There are three things that regularly happen in web design trends right now:
- Parallax design (backgrounds or other page elements that move slower or faster than other parts on the page)
- Photo sliders at the top of the page
- Using 30 day grid-style calendars to lay out upcoming events
I wish they’d all go away.
Parallax design is a style, but it’s indicative of bad style
Parallax design is cool. It really is. It’s a fun way of incorporating a little bit of “wow” into what are otherwise mundane sites. But the thing I notice about parallax design is that every time I visit a site with it, I can’t extract any useful information out of the site.
It’s like parallax effects are icing on a hollowed-out cake. There’s probably some great sites out there, of course, but I can’t help but get the impression that parallax design choices are done by great designers with no particular interest in making or pushing for actually good content.
Photo sliders reinforce the notion that “people don’t read”
I want you to think back to the last time you went to Amazon and the last thing you bought. Maybe it was a book, maybe it was a shirt, maybe it was a sex toy. Whatever it was, when you did a search and then found something interesting, did you blindly buy it? Or did you read the description, compare features, check the ratings, and compare reviews?
Unless it’s something incredibly specific, like a collector’s item, you most likely read every last word about the product. People read. People just don’t read crappy useless text. Steve Jobs said people don’t read, but that was in relation to an iPad that didn’t exist yet, just like his famous “No one wants to watch a video on a 3.5″ screen,” when they didn’t have iPod Nanos with video screens yet.
The same goes for books, magazines, and Twitter streams. You read what’s interesting and good.
Photo sliders take up a bunch of space at the top of a site, and we’ve used them plenty of times by client request and because some of our older sites used them when they were new and we didn’t know better. But today if we design a new site, I’m likely to eschew the slider.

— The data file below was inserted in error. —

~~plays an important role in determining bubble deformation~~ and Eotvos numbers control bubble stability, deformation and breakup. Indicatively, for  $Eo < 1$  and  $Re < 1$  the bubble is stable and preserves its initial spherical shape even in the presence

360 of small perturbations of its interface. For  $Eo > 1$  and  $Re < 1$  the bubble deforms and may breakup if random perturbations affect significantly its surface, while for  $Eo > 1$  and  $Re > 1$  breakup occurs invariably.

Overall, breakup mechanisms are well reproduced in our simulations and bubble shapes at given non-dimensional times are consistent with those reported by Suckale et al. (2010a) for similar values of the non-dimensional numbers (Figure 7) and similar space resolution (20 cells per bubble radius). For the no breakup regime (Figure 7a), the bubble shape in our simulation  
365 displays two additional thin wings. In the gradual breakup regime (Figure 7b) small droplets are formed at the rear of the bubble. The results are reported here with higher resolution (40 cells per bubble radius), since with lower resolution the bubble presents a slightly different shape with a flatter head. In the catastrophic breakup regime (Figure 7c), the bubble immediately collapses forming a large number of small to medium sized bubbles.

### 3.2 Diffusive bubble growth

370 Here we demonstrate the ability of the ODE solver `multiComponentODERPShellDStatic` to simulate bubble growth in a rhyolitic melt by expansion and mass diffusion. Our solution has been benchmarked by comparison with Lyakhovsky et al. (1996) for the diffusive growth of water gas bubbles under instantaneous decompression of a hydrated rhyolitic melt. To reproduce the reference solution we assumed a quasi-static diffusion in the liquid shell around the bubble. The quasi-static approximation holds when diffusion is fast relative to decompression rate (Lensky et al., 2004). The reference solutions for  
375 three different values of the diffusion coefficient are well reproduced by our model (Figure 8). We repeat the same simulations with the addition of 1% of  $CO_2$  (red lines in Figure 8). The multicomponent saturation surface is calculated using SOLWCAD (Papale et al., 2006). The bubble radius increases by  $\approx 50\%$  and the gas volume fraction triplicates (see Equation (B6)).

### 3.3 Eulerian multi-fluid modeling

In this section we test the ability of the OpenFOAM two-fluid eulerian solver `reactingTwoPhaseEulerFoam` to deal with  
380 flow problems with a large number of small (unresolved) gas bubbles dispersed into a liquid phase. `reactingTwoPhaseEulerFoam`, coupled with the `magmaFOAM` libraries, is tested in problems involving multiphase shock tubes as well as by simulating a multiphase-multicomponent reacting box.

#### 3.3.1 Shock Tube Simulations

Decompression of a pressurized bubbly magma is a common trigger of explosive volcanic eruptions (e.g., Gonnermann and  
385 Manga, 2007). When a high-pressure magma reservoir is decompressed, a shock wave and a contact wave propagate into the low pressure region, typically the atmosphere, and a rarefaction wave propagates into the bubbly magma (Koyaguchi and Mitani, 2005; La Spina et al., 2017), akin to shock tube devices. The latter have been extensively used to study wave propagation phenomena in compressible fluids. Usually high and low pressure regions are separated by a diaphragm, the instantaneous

Without a slider, content is pushed up on the page, and if one is warranted for some reason — like needing to display a promo piece of some sort — it doesn’t have to be full-width. It can be in one or two thirds of a page.
Yesterday I was reviewing sites for real estate companies, firms, and housing complexes. All of them have the same feel: here’s a big house, and a big thing of text off to the side that says something like, “Welcome to your new home”, or “Life is good”. There’s often not much else. It’s just a pretty picture. A better idea would be a smaller photo with a headline that reads: “In a city of 2 million, the nearest crime to our neighborhood was over 12 miles away 6 months ago. Live safely at such-n-such”, with a sub-head that reads, “Homes starting at $350,000. Check out the listings…”
Calendars are a crime against usability
Speaking of crime, the 30 day calendar layout works great for one medium: paper. For anything else, it’s an awful crime. It’s a lot like the calculator on your computer. If you open your calculator app, it looks a lot like a real world standalone calculator. But why? That’s not useful at all, because anyone that’s ever tried using a mouse to click those numbers knows it’s a chore.
Calendars are the same way. Take this week. March 31st was Monday. On Monday any time I looked at a date picker or calendar, I was left thinking, “Wait, tomorrow’s a new month, so I’ve gotta click over to that.” A whole window showed me nothing but 30 days in the past I didn’t care about at the expense of the next 4 days in the work week that I did care about. 30 day calendar layouts should go the way of the Soviet Union.
There’s another big downside that I often find myself telling clients that results in a big head nod: unless you have consistent events scheduled for at least every 2-4 days, you’ll look like a loser. If you’ve got 30 squares to fill up and you’re filling an afternoon on two of them, it makes you look inactive. Instead, just put a list together:
April 12, 2014: Thunder over Louisville
April 19, 2014: Justin’s birthday
“Oh neat, he’s got two things coming up.” vs. “Oh, there’s just the two things.”
It’s a big difference.